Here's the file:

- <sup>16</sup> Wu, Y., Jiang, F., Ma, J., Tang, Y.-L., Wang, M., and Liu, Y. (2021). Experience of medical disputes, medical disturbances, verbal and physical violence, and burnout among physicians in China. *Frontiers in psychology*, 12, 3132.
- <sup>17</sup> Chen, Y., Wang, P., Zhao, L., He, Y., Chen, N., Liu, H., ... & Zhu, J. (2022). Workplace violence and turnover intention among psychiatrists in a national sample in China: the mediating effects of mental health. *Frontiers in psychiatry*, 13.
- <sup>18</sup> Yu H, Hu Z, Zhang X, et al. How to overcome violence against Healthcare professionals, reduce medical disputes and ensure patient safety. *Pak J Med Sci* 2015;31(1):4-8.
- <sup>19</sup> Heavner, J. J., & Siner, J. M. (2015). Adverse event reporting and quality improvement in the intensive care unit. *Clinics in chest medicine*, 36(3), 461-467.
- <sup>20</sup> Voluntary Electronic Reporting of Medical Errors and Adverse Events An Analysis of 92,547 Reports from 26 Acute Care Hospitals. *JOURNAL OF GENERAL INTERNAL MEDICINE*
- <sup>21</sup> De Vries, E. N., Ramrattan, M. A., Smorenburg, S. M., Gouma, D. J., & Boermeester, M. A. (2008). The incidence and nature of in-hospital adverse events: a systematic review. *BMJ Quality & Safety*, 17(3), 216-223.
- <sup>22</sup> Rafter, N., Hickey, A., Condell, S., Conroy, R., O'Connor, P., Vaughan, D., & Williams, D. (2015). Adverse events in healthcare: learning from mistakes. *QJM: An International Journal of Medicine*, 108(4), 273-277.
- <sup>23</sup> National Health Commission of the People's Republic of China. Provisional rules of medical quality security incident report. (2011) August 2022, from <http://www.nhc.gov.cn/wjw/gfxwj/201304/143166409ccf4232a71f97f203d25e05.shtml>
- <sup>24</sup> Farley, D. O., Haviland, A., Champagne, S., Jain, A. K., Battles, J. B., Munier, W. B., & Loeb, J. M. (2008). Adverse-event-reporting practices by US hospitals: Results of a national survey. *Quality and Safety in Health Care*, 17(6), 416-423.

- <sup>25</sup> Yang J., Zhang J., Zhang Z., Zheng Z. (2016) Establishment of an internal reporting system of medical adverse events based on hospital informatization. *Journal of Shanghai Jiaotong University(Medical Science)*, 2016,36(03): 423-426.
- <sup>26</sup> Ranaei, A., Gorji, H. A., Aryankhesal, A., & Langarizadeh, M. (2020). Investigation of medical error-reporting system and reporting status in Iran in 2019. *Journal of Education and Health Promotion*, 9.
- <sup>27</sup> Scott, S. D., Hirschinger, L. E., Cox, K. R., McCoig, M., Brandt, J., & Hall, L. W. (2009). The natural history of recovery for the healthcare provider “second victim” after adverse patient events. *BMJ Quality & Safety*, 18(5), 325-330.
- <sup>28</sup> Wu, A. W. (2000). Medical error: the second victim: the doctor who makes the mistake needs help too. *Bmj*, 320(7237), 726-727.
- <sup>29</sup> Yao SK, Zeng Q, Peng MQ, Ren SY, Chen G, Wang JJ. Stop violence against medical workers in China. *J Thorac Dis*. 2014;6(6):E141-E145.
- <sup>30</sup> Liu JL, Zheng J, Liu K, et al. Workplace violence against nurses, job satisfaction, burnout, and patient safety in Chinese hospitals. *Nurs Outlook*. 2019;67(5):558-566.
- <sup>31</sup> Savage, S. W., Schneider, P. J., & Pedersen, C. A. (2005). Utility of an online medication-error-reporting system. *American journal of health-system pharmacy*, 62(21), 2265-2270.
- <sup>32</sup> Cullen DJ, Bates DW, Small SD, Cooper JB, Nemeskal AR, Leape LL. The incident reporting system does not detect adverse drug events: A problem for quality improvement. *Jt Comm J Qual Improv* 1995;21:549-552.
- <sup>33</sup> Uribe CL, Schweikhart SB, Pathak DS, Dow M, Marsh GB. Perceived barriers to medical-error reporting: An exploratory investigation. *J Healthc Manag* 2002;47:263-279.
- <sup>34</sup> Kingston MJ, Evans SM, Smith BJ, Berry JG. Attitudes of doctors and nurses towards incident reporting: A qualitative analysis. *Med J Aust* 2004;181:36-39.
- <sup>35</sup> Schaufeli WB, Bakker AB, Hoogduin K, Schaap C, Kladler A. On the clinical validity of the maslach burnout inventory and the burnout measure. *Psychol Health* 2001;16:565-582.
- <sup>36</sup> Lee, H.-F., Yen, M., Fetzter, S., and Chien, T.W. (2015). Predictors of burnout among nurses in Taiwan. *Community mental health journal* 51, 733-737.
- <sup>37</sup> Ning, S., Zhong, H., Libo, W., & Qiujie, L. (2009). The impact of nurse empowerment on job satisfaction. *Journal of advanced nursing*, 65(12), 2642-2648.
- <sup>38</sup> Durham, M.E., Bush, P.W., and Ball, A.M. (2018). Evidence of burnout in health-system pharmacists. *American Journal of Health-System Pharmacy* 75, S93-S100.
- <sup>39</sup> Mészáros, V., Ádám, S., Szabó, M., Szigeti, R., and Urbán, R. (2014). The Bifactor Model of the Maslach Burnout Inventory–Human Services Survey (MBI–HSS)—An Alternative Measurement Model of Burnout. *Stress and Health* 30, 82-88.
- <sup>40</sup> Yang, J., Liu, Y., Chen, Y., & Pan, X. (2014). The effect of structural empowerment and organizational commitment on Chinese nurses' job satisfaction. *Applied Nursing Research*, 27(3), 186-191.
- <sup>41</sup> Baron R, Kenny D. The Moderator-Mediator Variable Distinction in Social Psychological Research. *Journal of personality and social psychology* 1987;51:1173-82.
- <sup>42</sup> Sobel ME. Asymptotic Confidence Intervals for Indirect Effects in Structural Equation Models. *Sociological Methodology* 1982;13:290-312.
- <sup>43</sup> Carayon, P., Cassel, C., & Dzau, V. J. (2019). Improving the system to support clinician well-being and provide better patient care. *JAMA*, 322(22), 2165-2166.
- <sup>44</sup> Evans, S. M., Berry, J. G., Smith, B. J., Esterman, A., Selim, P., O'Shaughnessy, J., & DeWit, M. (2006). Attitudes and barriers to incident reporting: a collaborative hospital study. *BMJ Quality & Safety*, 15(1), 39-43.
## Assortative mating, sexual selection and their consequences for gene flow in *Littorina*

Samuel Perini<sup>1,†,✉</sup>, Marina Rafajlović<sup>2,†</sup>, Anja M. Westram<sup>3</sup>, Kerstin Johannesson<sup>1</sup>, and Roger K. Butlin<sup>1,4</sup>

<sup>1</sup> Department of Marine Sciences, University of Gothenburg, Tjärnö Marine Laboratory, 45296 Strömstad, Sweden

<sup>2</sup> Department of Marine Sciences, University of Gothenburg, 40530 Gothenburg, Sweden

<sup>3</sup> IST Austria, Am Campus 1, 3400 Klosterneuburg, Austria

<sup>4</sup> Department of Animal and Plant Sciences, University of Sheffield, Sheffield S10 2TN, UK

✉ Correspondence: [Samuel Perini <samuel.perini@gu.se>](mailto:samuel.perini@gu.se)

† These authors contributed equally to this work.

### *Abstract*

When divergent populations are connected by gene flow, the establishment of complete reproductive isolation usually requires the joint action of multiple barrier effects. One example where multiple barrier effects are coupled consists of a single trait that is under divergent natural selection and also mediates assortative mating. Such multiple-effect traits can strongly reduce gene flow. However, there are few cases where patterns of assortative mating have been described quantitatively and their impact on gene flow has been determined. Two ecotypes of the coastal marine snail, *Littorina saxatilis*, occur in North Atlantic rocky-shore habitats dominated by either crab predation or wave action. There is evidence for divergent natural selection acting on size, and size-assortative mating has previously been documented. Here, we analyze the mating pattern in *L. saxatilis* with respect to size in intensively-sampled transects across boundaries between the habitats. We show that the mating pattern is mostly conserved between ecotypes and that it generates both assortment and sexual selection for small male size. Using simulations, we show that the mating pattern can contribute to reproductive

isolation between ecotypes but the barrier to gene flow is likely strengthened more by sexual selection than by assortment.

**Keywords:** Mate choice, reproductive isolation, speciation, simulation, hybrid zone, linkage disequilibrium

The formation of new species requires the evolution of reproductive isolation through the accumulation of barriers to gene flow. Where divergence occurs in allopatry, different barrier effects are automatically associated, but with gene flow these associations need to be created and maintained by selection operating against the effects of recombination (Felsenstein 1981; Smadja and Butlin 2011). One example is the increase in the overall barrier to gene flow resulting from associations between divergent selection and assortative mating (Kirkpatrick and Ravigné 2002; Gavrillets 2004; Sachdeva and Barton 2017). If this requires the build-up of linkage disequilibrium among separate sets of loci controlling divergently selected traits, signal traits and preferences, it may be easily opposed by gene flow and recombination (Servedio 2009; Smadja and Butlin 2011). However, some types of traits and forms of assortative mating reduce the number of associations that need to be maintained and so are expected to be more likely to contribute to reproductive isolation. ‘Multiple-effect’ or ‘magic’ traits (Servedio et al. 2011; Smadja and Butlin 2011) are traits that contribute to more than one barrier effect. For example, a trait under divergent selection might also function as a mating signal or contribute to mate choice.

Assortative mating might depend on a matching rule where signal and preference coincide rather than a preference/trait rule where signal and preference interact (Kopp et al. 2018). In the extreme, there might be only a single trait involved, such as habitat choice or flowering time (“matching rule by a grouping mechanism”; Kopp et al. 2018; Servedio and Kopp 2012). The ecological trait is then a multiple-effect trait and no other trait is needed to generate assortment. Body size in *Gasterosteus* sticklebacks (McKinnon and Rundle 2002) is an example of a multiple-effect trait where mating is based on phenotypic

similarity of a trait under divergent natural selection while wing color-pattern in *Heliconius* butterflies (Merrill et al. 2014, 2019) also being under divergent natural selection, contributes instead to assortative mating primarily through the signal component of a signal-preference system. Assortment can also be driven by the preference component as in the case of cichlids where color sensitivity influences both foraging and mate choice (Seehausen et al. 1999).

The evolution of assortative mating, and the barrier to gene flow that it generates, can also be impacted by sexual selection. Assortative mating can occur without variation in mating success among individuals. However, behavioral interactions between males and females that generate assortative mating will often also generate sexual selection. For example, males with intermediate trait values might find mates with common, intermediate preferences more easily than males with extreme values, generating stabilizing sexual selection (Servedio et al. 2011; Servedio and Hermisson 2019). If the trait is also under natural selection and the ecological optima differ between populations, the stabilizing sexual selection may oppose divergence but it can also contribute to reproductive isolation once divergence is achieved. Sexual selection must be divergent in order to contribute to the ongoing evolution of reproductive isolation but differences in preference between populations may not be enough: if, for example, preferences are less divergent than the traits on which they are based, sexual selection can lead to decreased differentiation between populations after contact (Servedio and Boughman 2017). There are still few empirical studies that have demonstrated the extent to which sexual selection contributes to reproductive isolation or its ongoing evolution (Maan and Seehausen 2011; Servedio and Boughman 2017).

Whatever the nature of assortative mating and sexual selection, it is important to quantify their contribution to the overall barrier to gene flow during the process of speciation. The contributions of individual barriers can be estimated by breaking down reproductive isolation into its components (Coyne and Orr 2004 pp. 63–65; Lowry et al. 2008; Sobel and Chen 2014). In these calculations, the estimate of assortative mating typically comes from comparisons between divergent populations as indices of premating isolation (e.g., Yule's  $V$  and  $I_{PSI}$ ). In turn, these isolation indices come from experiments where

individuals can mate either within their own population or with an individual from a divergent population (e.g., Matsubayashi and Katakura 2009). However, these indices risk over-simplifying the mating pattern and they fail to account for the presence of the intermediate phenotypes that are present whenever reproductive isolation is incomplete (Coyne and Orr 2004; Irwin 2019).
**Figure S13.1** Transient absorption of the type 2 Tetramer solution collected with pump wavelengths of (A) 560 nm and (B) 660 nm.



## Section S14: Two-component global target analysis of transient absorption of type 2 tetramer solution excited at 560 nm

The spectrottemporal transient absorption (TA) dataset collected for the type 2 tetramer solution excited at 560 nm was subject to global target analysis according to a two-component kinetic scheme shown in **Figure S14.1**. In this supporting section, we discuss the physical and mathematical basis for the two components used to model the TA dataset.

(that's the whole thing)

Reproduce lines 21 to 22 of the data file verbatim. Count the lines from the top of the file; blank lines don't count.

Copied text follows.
- <sup>36</sup> Lee, H.-F., Yen, M., Fetzter, S., and Chien, T.W. (2015). Predictors of burnout among nurses in Taiwan. *Community mental health journal* 51, 733-737.
- <sup>37</sup> Ning, S., Zhong, H., Libo, W., & Qiujie, L. (2009). The impact of nurse empowerment on job satisfaction. *Journal of advanced nursing*, 65(12), 2642-2648.